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The Benefits of a Revocable Living Trust vs. a Will

By Julie Garber

Making a decision between a revocable living trust vs. a will comes down to your personal concerns and what you want to achieve with your estate plan. For most people, an irrevocable trust isn’t an option because it involves turning over ownership your property to the trust and its trustee forever — once you do it, there’s no turning back.

A revocable living trust can be “undone” if you change your mind. It’s not necessarily permanent. If you elect to form a revocable living trust rather than write a will, you’re always free to reverse your decision later. You may not want to, however. This type of trust has some distinct advantages over a last will and testament.

Avoid Probate and Maintain Your Privacy

The necessity of probate is a major distinction between a revocable living trust vs. a will.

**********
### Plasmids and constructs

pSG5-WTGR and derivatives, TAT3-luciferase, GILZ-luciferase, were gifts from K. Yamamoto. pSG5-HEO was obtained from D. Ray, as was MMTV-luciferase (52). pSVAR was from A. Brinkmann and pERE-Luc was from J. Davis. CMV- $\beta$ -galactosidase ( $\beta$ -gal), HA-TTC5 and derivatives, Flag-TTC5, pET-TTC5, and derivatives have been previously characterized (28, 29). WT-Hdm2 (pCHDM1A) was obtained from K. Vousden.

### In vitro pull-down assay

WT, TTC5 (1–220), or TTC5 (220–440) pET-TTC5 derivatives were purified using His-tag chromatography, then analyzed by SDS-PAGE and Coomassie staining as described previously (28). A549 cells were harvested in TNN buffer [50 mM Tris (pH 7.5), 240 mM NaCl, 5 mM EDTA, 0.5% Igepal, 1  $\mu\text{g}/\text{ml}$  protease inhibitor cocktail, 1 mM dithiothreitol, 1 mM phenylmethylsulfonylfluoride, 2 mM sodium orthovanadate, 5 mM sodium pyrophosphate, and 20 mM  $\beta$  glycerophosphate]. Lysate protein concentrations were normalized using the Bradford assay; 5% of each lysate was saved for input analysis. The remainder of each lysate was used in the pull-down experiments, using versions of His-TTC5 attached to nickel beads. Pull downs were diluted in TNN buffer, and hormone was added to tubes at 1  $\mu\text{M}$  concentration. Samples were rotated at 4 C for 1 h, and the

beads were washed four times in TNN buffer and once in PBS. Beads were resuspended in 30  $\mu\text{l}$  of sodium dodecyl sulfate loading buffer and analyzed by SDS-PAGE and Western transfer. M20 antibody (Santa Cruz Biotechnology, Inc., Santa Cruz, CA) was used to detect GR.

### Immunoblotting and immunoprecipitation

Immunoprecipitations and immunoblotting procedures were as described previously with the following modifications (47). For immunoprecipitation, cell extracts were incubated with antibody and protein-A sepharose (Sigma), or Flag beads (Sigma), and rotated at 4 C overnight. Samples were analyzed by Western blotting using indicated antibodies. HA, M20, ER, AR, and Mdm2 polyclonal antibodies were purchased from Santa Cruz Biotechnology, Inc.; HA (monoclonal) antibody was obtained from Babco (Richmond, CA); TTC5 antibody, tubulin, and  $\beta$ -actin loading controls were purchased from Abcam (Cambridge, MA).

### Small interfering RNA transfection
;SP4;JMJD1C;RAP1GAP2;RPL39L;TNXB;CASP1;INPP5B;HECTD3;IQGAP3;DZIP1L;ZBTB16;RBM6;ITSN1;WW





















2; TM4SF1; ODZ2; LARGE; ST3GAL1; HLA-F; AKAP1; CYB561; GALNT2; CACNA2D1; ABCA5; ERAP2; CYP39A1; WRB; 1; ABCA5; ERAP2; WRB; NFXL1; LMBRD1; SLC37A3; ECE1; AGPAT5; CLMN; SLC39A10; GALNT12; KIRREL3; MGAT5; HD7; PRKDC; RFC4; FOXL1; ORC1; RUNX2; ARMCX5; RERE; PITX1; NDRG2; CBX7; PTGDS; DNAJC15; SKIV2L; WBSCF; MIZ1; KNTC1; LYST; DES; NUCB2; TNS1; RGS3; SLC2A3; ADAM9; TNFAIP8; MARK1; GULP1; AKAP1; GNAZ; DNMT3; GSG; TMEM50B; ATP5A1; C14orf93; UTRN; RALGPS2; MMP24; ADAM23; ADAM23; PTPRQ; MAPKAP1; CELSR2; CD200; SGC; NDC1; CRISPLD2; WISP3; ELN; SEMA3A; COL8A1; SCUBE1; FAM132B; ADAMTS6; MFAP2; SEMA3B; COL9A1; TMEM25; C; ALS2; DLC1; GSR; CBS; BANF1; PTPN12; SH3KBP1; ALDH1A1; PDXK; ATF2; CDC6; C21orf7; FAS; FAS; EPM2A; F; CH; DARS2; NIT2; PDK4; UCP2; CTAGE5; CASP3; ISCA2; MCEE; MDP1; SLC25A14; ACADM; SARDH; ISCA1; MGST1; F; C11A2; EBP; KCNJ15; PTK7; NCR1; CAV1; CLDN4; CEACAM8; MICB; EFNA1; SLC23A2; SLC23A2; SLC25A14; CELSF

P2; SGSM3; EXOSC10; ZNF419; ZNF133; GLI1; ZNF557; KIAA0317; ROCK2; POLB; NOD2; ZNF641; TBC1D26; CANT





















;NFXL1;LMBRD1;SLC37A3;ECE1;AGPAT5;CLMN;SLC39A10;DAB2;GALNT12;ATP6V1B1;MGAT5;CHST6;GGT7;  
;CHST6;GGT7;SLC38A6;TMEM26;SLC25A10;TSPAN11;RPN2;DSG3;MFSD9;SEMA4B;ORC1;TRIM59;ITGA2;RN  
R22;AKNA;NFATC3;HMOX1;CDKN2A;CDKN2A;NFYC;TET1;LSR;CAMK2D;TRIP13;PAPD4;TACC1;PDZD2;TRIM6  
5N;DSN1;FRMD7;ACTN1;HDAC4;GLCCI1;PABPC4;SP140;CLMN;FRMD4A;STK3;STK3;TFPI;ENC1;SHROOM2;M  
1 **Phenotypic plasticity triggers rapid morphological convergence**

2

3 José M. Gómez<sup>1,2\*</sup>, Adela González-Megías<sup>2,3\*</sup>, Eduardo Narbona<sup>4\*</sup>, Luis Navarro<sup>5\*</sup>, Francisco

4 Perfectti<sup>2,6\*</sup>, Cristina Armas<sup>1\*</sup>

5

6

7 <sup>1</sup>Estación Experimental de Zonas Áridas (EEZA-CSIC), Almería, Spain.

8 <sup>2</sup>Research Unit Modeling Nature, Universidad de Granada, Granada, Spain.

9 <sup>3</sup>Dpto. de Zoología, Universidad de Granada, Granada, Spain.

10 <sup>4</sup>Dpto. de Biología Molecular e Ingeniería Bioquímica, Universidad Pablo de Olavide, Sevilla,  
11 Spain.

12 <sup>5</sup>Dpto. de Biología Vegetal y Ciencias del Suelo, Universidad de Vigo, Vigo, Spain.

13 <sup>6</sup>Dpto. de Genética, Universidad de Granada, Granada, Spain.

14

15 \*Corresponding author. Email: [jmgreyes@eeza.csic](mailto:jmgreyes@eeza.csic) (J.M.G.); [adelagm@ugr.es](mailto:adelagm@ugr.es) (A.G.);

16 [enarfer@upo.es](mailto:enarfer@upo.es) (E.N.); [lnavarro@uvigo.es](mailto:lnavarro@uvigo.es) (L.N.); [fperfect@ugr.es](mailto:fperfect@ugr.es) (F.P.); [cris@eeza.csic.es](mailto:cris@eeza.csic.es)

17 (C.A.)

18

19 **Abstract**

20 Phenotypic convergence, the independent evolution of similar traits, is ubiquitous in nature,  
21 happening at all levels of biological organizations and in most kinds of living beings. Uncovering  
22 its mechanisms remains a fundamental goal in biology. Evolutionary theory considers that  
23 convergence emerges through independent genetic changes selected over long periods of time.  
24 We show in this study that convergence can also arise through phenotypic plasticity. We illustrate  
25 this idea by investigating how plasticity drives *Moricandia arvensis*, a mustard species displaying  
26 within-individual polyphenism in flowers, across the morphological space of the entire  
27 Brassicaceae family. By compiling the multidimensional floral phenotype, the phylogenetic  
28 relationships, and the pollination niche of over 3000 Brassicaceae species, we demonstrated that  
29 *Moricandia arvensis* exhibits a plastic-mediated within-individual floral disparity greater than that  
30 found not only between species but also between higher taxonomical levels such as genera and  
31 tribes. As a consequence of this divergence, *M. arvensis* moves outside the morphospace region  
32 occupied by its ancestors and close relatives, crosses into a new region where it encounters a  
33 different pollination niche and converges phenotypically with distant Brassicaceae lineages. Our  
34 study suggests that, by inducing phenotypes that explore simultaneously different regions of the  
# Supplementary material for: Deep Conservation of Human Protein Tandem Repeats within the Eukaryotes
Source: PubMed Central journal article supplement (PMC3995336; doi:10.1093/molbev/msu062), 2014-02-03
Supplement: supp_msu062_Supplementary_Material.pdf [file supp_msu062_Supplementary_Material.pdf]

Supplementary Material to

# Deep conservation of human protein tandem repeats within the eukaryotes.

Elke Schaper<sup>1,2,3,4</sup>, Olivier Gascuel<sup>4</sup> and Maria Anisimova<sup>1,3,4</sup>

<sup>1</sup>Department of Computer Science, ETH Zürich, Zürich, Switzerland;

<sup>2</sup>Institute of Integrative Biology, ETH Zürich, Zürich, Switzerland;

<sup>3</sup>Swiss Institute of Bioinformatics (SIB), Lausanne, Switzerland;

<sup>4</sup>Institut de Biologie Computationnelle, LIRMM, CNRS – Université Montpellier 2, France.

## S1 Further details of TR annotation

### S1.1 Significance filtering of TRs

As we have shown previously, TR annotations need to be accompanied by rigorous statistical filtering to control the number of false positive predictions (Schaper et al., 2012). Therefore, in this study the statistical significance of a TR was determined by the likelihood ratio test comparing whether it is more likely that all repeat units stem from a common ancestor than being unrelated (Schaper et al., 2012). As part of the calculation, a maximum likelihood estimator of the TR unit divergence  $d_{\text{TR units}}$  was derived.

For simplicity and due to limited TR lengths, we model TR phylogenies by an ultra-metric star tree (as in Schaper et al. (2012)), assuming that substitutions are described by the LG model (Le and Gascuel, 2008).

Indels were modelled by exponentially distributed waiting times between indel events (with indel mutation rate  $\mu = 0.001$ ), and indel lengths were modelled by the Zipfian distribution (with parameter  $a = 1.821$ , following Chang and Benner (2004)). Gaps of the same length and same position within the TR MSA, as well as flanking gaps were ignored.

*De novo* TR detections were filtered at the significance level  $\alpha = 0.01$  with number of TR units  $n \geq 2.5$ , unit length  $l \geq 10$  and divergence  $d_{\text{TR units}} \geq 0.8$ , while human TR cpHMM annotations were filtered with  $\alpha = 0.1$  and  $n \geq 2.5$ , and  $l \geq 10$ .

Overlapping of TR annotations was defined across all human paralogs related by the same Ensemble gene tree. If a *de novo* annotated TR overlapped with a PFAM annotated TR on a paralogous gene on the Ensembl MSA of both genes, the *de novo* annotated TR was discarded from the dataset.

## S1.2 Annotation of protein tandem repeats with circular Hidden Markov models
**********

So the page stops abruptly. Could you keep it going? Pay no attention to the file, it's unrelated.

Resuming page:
Probate is a court-supervised process that’s required when someone dies leaving a will — and even if he doesn’t leave a will. His estate must pass to his heirs and beneficiaries, and probate is the legal process by which this is accomplished.

A revocable living trust does not require probate. It’s a private contract between you as the “trustmaker” or “grantor” and the trust entity. In most cases, a grantor serves as the trustee of his own revocable living trust, managing the property he places within it. A successor trustee steps in to take over when the grantor dies, settling the trust and distributing its property to the beneficiaries named in the trust documents.

When a will is submitted to the court to open probate, it becomes a matter of public record. Anyone can stop by the courthouse and read it. They’ll know what you owned and to whom you left it. No one other than the beneficiaries — and in some states, heirs regardless of whether they’re beneficiaries — are entitled to see the trust documents. They will not become public record unless an heir or beneficiary files a lawsuit to challenge the validity of your trust.